The sometimes staid market for English horology ended 2015 on a high with the dispersal of two major collections – one sold via a successful trade exhibition, the other at auction in London.
The £15m collection of Golden Age clocks formed by Channel Islands businessman Tom Scott (1944-2012) was arguably the finest of its type – boasting 47 items with direct links to the ‘father of English clock making’ Thomas Tompion (1639-1713) and his successor, George Graham (1673-1751). Christie’s proposed to disperse it from the rostrum but instead the Scott family chose dealership Carter Marsh and an innovative pitch to sell across a five-month period beginning with Masterpiece London in July and then at exhibitions in the quintessential English cathedral city of Winchester.
When this, the best British trade exhibition of the year, closed in late November, the final numbers made impressive reading. Of the 110 items in the collection, only 14 will be returned to the client. Invoices were issued to buyers from the UK, North and South America, Australia, New Zealand and Germany.
A trio of grande-sonnerie Tompions
The Medici Tompion, an ebony and gilt-brass mounted grande-sonnerie table clock presented by William III to Cosimo de Medici, sold for a price in the region of £4,5m by Carter Marsh as part of the Tom Scott collection. Source: Antiques Trade Gazette
Certainly some of the clocks in the softer middle market were priced to sell. However, in other cases the Scott dispersal has gone some way to redress the disparity between the sometimes modest sums paid for early English clocks and the huge figures commanded by the best 20th century wristwatches.
The centrepiece of the Scott collection was an extraordinary trio of grande-sonnerie table clocks striking both the quarter and the hour (or 4992 chimes a week). Tompion made just 13 of them across his career.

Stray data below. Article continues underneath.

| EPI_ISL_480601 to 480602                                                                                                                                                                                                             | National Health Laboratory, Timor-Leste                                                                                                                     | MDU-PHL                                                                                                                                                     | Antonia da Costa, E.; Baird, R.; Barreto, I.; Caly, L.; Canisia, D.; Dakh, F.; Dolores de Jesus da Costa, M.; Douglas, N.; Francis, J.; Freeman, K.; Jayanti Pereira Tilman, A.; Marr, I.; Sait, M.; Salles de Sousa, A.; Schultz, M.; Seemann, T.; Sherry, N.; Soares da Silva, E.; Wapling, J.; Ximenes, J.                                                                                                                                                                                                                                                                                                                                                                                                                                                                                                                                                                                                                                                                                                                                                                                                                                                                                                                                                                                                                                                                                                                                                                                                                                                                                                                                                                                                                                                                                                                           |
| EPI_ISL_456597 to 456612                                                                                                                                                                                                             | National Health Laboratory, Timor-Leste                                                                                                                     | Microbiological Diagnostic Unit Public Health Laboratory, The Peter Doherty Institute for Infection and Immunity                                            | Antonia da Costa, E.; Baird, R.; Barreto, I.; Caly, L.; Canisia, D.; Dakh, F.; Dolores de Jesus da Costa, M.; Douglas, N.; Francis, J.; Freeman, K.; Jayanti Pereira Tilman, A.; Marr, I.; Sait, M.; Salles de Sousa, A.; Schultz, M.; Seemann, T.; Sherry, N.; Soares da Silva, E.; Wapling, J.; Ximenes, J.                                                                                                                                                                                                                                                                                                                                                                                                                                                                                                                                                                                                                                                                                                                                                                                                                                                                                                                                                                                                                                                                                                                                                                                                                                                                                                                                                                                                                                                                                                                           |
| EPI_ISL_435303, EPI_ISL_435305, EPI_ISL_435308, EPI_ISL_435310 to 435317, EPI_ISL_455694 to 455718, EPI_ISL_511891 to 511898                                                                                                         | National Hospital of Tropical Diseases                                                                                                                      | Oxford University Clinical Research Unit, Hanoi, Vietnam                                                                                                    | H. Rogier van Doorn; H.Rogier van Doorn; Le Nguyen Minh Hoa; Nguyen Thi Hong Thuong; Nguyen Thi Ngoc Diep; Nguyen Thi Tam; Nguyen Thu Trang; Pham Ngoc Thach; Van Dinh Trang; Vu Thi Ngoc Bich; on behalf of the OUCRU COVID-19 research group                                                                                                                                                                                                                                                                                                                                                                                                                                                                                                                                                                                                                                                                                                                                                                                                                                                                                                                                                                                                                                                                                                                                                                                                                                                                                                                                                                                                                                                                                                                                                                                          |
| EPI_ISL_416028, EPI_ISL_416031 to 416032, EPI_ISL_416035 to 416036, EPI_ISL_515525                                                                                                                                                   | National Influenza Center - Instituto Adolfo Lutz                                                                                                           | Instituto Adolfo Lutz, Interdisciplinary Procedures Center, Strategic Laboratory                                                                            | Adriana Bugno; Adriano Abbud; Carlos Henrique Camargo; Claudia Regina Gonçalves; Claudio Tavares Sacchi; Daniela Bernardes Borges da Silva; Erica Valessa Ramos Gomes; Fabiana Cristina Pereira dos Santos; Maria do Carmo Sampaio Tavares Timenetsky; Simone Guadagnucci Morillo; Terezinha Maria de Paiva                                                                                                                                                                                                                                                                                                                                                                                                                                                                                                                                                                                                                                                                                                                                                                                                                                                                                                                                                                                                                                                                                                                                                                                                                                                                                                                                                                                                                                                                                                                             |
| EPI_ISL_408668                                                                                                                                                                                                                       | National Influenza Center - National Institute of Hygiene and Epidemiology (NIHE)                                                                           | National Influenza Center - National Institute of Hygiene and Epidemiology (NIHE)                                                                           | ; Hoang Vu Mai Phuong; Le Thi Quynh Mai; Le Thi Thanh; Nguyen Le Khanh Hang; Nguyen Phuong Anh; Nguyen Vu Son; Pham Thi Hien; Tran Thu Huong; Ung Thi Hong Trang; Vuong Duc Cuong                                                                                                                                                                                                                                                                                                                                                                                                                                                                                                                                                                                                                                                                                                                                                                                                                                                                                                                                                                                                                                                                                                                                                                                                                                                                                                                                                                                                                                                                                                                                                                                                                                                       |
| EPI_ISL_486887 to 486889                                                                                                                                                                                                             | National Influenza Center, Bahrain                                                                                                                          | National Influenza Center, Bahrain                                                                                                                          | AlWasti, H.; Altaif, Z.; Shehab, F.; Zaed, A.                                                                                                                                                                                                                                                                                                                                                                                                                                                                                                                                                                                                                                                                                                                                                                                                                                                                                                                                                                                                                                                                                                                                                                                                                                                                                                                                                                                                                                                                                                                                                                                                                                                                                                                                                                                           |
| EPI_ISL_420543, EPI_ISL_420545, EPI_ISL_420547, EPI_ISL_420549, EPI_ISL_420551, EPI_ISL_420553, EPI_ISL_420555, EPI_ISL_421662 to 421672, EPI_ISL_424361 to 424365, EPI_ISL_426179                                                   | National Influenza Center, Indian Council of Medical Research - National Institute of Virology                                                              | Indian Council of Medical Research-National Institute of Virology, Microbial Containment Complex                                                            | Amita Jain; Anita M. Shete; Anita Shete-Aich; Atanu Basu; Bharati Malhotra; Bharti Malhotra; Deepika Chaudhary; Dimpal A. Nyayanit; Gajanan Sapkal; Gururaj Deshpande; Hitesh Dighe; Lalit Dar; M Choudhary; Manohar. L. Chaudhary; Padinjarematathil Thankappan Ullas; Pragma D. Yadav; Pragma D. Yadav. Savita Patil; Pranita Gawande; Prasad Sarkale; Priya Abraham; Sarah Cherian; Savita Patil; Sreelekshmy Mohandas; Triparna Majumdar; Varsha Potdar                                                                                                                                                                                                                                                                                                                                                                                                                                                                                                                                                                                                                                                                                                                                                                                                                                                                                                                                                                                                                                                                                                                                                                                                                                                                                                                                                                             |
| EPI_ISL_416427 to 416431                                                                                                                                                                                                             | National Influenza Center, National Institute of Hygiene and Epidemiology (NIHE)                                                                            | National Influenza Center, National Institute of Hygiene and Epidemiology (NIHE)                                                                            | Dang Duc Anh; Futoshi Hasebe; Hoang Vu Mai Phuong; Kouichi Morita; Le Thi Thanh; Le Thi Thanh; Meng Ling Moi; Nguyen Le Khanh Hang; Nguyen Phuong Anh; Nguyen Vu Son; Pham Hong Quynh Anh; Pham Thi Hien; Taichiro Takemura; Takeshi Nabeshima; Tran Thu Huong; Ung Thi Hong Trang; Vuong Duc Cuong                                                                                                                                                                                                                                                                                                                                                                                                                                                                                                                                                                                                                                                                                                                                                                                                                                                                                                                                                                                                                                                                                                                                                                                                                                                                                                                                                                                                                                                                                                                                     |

The Medici Tompion, an ebony and gilt-brass mounted grande-sonnerie c.1696 presented by William III to Cosimo de Medici, was last sold in 2007 when the asking price was £2.25m. Ticketed this time at £4,5m, it sold to a US collector.
This is the sort of price inflation few traditional European furnishings can claim, but there is new blood buying at the top end of the clock market. Also sold were a second grande-sonnerie made for Leopold I c.1704 priced at £2.6m and the Lonsdale Tompion, a miniature table clock c.1683, for a price in the region of £1.35m. Just 7½in (19cm) high, it is one of a harlequin pair of metal case table clocks (its twin being in the Fitzwilliam Museum) and it may not be fanciful to speculate the pair was made for Charles II and Nell Gwynn.
Happy returns for Ramsay
Last on the market in 1995 when it sold for £25,000 at Sotheby’s, an early 17th century astronomical verge watch by David Ramsay (c.1585-c.1653) fetched a quadruple-estimate £989,000 when it returned to the same rooms on December 15. It was part of a private collection formed over the past 20 years charting the history of British watchmaking. Signed David Ramsay Scotte Me Fecit, it is one of two timekeepers (the other in the V&A) thought to have been made for James I c.1618. The movement includes provisions for the months and signs of the zodiac, the day with ruling planet, the lunar planet and the planet hour while the engraving to the covers by Gérard de Heck (fl. 1608-29) includes a portrait of the Stuart king.
Another notable sale, the Lonsdale Tompion, a miniature table clock with blued steel and brass case c.1683 – sold for a price in the region of £1.25m by Carter Marsh as part of the Tom Scott collection.